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Russell Baker was hired by Federal Express Corporation (FedEx) as a pilot in June 2006. Employment agreements between FedEx and its pilots are established via collective bargaining with a union, the Air Line Pilots Association, International (ALPA). During the relevant period of Baker’s employment, ALPA’s agreement with FedEx offered pilots on foreign duty assignments options to finance either relocation housing or their commute. Pilots based in Hong Kong could elect an “enhanced” relocation package instead of commuting. Pilots choosing that package had 18 months to complete their relocation, but were obligated to reimburse FedEx if they did not actually relocate. FedEx retained the right to request documentation establishing that relocation had actually occurred, including “verification of the permanent relocation of a pilot’s spouse, and/or dependent children under the age of 18 years, if applicable.” Baker would be fired by FedEx after he collected a relocation allowance based on misleading statements that his spouse had relocated with him. While his employment termination proceedings were ongoing, he filed complaints with the Alaska State Commission on Human Rights, contending FedEx engaged in marital status discrimination by requiring married pilots to relocate their spouses as a condition of the relocation allowance, and FedEx retaliated against him for filing the first complaint. The Commission concluded that there was substantial evidence of illegal discrimination, but exercised its statutory discretion to dismiss the complaint instead of bringing an enforcement action. The Commission also dismissed his second complaint, concluding that there was not substantial evidence of retaliation. Baker appealed the Commission’s decisions to the superior court, which affirmed the decisions. The Alaska Supreme Court concluded the Commission did not abuse its substantial discretion by declining to prosecute the discrimination complaint, and did not err by concluding that the employer did not retaliate against the pilot after he filed his discrimination complaint. View "Baker v. Alaska Commission for Human Rights (Federal Express Corp.)" on Justia Law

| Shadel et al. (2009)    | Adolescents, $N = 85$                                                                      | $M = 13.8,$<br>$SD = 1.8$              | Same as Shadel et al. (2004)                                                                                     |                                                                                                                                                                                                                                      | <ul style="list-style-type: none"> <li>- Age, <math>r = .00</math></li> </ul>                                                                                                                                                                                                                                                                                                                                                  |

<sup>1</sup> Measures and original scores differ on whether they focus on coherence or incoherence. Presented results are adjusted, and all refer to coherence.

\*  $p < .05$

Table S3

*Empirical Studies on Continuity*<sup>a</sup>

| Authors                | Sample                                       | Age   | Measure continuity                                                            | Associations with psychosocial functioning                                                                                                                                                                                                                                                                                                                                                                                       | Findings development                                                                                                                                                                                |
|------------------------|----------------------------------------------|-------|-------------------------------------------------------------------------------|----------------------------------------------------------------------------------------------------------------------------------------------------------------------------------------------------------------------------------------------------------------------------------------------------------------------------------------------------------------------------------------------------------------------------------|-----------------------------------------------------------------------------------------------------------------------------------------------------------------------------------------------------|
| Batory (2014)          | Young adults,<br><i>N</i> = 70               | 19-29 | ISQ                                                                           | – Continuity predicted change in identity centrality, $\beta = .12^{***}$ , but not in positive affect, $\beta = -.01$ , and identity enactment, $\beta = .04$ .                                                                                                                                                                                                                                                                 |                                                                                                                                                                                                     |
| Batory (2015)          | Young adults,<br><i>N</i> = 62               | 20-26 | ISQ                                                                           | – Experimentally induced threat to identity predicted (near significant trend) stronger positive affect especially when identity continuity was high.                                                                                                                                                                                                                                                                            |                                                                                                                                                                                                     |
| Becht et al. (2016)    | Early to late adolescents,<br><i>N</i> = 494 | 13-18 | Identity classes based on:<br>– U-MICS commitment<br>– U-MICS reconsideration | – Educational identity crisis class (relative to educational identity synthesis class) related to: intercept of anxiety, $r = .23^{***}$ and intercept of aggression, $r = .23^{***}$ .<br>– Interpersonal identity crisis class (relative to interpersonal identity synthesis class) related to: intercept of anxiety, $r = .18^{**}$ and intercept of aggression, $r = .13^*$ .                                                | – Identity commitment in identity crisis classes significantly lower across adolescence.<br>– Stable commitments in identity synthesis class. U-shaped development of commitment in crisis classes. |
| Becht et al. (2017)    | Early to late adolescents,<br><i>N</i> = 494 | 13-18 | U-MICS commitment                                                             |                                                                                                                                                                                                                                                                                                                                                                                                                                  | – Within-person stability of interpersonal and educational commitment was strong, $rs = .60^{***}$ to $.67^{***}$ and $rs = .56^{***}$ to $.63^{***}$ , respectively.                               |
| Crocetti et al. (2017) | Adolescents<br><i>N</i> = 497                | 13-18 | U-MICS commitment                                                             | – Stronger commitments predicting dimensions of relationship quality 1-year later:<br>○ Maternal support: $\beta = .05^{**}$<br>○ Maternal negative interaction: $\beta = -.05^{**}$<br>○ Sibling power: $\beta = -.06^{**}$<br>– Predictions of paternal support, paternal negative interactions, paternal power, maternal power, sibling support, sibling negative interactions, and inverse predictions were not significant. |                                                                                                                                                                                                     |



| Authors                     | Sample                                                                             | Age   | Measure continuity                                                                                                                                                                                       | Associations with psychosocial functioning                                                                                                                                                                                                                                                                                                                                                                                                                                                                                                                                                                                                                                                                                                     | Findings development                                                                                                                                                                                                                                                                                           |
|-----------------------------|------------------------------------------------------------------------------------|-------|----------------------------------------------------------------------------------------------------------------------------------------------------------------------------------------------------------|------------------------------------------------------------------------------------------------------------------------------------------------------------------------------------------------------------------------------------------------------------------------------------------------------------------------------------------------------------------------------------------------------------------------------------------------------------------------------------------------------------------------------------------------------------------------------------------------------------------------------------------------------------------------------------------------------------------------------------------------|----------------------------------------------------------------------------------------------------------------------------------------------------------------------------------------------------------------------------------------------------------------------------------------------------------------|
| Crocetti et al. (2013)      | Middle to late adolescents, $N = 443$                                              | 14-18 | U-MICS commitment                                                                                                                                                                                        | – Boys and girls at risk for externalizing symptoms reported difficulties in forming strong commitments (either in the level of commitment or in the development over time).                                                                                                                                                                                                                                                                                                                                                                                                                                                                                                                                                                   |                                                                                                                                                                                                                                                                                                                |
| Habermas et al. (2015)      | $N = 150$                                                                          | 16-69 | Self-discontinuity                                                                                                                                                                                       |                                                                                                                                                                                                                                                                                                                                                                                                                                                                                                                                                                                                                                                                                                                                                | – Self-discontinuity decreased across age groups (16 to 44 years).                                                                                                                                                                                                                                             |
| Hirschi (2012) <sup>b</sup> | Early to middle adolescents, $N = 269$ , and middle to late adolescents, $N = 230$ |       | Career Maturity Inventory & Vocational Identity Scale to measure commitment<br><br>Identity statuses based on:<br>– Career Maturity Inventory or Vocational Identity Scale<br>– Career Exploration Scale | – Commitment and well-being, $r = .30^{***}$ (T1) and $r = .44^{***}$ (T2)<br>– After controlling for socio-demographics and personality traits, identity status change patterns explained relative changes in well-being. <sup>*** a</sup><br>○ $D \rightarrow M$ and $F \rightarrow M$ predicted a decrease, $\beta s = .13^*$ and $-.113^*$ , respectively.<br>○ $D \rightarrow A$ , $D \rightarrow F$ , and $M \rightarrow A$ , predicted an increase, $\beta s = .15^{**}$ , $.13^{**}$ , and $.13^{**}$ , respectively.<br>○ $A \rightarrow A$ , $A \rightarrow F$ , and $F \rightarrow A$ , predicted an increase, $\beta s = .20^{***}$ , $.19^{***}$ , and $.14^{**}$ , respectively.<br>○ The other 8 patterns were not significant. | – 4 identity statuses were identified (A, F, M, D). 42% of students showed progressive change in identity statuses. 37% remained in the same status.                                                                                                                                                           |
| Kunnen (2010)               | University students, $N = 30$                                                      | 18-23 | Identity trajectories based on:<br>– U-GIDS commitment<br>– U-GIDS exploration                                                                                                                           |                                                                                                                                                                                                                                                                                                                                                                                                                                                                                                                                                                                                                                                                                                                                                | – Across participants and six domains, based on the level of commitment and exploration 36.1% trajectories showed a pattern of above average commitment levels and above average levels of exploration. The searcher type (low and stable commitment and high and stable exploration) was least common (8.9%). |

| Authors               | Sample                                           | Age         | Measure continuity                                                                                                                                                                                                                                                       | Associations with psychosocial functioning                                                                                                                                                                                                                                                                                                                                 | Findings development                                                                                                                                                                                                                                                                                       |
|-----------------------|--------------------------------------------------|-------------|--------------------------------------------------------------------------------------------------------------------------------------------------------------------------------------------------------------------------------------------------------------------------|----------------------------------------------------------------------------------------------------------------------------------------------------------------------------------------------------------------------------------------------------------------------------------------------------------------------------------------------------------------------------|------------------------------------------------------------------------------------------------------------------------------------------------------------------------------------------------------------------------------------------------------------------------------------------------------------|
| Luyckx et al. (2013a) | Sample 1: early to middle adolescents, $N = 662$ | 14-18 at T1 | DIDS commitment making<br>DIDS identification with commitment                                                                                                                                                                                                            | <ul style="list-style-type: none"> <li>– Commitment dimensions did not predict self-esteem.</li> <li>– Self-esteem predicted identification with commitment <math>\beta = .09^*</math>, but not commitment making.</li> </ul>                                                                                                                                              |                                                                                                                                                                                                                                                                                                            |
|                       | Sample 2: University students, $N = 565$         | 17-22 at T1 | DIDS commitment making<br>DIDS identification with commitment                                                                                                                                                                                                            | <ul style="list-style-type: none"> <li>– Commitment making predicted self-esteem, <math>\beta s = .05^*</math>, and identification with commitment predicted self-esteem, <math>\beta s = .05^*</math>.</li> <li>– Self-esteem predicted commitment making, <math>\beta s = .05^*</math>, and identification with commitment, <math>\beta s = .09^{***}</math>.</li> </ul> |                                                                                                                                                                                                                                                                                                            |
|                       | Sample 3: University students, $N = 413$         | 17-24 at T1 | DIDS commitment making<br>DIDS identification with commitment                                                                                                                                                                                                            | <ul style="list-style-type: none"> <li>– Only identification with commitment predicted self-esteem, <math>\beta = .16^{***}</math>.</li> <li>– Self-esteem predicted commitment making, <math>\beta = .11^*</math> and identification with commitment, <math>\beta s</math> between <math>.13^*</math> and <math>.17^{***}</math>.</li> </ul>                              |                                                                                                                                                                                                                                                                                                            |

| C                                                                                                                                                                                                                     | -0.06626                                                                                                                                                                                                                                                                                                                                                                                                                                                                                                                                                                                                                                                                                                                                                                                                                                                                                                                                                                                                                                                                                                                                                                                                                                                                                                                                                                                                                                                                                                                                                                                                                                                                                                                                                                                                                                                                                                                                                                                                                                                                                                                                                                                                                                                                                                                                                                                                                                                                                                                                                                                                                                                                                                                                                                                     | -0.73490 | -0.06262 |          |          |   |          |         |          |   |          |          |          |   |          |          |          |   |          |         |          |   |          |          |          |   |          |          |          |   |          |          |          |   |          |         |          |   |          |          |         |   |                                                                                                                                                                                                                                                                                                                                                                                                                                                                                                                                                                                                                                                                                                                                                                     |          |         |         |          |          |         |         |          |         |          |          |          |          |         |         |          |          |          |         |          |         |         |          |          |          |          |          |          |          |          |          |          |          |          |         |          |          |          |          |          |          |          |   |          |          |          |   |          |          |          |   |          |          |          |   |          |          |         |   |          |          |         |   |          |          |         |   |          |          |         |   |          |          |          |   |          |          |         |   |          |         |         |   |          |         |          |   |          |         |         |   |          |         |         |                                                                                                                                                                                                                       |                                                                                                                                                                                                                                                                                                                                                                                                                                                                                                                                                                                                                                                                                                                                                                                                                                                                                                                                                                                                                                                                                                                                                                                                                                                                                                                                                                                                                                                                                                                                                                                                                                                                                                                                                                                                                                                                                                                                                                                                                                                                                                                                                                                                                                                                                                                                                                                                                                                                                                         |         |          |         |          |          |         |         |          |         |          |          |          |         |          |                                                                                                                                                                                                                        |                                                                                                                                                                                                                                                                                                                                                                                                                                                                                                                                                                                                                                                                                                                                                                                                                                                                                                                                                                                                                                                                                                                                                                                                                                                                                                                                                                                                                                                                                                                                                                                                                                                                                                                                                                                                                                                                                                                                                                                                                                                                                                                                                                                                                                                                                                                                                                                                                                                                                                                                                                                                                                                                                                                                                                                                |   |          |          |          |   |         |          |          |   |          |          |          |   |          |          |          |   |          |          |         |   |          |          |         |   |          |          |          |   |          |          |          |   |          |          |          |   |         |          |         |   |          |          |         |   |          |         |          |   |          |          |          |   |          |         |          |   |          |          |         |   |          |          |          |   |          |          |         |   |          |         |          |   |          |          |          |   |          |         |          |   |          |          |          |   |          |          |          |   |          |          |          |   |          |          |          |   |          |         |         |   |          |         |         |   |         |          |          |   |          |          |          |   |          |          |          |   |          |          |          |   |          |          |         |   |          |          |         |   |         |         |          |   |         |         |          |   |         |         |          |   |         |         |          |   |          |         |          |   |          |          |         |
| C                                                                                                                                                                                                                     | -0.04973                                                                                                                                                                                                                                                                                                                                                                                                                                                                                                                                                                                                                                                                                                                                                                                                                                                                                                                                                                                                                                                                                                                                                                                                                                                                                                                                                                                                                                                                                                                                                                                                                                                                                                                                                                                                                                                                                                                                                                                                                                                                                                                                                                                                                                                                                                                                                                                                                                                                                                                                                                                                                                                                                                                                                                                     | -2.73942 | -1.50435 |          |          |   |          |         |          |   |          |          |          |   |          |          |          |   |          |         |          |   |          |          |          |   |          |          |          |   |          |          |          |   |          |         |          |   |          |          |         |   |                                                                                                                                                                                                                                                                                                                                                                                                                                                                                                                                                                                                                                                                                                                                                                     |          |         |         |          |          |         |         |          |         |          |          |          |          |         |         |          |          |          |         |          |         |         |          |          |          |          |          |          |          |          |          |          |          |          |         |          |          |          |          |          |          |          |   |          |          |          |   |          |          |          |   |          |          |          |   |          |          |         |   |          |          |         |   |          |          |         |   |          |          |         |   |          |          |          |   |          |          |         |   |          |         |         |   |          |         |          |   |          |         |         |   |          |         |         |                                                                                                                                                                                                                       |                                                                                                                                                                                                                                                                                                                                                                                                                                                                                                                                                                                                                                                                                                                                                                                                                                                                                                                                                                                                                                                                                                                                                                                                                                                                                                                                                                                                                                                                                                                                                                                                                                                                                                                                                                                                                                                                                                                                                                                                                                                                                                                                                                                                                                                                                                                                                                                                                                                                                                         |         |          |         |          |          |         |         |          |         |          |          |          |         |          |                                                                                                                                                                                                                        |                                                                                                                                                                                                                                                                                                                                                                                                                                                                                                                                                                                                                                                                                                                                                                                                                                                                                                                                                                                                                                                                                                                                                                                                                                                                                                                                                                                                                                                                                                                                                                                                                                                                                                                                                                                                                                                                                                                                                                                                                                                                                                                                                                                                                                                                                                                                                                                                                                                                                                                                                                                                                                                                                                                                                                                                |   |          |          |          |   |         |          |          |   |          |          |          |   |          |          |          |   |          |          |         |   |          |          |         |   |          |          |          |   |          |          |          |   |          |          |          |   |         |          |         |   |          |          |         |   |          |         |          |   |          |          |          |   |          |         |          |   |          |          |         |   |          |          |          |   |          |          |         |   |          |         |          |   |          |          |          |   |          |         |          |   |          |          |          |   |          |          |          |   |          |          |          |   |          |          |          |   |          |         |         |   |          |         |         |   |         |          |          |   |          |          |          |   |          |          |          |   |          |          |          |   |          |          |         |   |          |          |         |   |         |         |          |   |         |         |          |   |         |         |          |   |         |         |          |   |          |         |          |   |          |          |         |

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Porter co-owned property with a partner. His wife, Debra, held an unrecorded $2.8 million mortgage on the property. Unbeknownst to Porter, his partner obtained a second mortgage on the property from Commerce. That mortgage went into default. The property was listed at a mortgage foreclosure sheriff’s sale. The Porters filed lawsuits before the sale. A Pennsylvania court awarded Debra damages for the title company’s failure to record her mortgage but declined to have it retroactively recorded and denied a motion to postpone the sale. A federal declaratory judgment action, claiming that Debra’s unrecorded mortgage had priority over Commerce’s mortgage, was still pending. Porter contacted the Sheriff’s Office before the sale and sought Commerce’s assurance that it would inform bidders about the pending lawsuit. Commerce’s attorney never arrived at the sale, so when the property came up for sale, Porter stood up to make the announcement. Sheriff’s Office attorney Chew and Deputy Stewart ordered him to stop speaking. They put Porter in a chokehold, placed him in handcuffs, and dragged him from the room. Porter and a deputy required medical attention. Porter was convicted of misdemeanor resisting arrest.On Porter's s Monell claim against Philadelphia based upon its unwritten policy of not allowing non-bidders to comment at a sheriff’s sales, the jury awarded him $750,000. The Third Circuit vacated the judgment. Chew’s unendorsed actions did not become municipal policy. There is no evidence that municipal decision-makers were aware of Chew’s inconsistent implementation of the no-comment policy or that Chew had previously used force to enforce it. Because the sheriff’s sale is a nonpublic forum, the Sheriff’s Office policy prohibiting comments is valid; it is viewpoint neutral and reasonable in light of the city’s right to preserve the property under its control for the use to which it is lawfully dedicated. View "Porter v. City of Philadelphia" on Justia Law